This is my first attempt at brewing one of my all time favorite ales, the beer I would drink the most consistently, Fullers ESB. This ale is one of the first British ales to become widely available in the US, along with Bass. Unfortunately, as with Bass, the flavour of Fullers ESB in the US pales in comparison to a fresh pint served in a Fullers Pub in London. Fullers ESB is also the winner of 7 CAMRA Best ESB awards, Two Best Beer of Britain awards, and two US Beverage Tasting Institutes “World Champion Bitter” medals, among many other honors.
Fullers ESB is probably ‘the’ classic London ESB, an Extra Special/Strong Bitter classed English Pale Ale. As discussed in the post on creating your own beer recipes (here), ESB brews tend to have more of a balance with the malt and bitterness. This beer is a fine example. Written up in the The Real Ale Almanac as an:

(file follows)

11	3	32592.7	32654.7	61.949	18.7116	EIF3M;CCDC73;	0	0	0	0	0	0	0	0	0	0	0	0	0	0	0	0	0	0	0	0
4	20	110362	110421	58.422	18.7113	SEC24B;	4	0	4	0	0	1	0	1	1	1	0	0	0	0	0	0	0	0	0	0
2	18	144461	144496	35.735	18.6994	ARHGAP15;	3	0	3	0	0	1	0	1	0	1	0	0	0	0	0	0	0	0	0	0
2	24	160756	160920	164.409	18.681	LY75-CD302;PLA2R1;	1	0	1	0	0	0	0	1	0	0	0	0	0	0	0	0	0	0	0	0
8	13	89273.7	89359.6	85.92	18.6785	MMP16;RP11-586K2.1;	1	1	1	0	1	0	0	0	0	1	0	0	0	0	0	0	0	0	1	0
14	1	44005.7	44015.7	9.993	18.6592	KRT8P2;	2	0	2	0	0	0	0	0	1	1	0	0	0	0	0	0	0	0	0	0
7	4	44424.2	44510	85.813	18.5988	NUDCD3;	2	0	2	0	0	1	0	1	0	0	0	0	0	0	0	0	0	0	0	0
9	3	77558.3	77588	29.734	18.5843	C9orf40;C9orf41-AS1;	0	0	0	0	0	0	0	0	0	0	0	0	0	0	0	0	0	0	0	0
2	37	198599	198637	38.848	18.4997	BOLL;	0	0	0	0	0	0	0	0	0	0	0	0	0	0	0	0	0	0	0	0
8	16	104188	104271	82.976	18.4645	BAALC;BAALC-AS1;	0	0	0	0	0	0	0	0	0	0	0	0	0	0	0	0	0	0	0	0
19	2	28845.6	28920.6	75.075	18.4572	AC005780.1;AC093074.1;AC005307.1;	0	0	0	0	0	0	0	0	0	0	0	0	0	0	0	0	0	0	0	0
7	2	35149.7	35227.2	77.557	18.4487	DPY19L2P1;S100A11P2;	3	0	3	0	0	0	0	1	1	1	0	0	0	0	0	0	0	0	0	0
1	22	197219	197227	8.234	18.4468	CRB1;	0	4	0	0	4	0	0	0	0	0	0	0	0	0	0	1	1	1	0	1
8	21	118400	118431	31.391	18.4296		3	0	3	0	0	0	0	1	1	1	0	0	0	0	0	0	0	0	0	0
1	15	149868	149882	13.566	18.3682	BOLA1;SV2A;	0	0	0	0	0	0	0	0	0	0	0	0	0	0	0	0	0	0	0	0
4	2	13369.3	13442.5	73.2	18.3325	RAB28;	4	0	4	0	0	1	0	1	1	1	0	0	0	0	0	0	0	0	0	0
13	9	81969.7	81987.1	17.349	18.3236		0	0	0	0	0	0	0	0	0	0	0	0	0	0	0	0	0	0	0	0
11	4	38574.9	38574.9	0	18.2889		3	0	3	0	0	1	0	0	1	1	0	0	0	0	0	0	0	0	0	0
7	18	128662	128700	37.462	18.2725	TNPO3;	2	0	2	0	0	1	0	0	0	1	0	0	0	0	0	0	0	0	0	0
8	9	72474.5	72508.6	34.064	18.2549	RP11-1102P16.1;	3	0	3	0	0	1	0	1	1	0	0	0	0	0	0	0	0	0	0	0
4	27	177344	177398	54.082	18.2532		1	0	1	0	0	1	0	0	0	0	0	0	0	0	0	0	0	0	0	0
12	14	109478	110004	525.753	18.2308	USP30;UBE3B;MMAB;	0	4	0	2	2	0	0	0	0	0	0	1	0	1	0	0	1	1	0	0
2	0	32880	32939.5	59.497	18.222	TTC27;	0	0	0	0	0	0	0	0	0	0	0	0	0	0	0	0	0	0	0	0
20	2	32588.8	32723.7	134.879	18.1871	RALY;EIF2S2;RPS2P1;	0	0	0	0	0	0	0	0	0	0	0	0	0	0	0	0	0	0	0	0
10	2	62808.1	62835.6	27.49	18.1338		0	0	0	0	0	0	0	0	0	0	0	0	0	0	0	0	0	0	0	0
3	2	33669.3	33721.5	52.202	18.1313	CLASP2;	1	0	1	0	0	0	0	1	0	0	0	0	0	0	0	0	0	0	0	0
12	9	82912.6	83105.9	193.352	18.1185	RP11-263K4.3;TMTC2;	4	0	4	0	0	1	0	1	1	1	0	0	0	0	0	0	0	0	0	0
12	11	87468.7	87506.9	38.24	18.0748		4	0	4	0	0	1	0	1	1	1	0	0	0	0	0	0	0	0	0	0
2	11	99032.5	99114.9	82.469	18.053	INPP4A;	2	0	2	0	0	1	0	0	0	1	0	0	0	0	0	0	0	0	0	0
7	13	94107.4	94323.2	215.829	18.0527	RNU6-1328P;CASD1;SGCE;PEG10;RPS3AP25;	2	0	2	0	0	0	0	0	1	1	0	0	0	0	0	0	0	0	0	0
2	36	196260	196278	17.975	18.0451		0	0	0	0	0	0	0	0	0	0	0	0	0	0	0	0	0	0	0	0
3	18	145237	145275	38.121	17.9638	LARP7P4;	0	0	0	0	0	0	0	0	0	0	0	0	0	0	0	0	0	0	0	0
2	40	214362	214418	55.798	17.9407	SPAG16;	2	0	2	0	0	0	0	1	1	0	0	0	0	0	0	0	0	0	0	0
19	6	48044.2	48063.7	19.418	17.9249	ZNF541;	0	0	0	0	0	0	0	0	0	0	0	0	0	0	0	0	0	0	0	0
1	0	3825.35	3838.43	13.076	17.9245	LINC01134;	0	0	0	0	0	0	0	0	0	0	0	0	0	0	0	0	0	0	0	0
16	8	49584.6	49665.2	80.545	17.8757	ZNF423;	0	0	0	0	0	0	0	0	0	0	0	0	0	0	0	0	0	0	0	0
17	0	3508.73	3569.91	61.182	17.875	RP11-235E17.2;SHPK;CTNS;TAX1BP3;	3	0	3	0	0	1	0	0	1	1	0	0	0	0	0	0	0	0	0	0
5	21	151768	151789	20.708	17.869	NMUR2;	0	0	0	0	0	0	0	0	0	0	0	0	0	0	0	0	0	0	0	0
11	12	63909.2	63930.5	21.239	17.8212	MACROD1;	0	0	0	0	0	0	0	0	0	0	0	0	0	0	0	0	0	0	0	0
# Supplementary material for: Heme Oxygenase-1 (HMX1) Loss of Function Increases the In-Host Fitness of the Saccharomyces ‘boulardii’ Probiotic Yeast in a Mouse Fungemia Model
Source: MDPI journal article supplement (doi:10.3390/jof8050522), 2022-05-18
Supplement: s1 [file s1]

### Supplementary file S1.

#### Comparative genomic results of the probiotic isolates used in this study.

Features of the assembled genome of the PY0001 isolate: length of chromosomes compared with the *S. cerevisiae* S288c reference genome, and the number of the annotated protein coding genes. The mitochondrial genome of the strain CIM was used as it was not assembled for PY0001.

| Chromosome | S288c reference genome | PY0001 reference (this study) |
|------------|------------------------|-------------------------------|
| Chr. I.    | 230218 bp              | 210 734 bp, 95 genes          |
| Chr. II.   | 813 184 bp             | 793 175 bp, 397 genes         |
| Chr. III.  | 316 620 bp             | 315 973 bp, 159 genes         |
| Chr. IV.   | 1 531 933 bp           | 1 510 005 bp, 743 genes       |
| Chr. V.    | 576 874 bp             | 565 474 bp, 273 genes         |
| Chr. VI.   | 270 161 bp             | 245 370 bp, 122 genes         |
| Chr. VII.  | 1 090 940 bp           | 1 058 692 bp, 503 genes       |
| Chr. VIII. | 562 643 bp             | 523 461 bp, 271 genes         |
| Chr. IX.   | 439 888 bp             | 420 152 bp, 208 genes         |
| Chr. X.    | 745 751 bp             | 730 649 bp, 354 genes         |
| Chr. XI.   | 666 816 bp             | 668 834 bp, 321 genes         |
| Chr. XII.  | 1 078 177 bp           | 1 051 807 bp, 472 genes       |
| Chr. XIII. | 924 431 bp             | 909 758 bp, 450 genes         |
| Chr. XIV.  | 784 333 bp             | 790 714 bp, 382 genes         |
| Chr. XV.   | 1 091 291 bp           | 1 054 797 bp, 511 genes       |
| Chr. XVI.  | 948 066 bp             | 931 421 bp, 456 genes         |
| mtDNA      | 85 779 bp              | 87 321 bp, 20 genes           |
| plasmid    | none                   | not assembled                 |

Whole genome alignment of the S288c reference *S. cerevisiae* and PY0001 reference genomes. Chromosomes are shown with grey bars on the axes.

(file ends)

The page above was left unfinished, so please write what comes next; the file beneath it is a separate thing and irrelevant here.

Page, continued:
Explosion of malt and hops and cooper’s marmalade. Enormous attack of malt and fruit with hop underlay; profound finish with strong Goldings character and hints of orange, lemon, gooseberry and some tannin.
Beer has been brewed at the Fullers Brewery site in Chiswick, known as the Griffen Brewery, since the time of Oliver Cromwell. The brewery existed as a variety of partnerships with its namesake, John Fuller, joining the firm in 1829. In 1845 John Fullers son, John Bird Fuller, was joined by Henry Smith of the brewery Ind Smith, and John Turner, Smiths brother-in-law and head brewer. They formed the company Fuller, Smith & Turner, as it is still know today. Descendants of these 3 families are still actively involved in the day to day running of the company today. More on Fullers here.
On to the ingredients. Standard practice these days is for the the brewery to be forthcoming with its basic ingredients and Fullers in no exception. The site proclaims the malt mix to include Pale Malt (base), Crystal and Goldings, Northdown, Target and Challenger hops.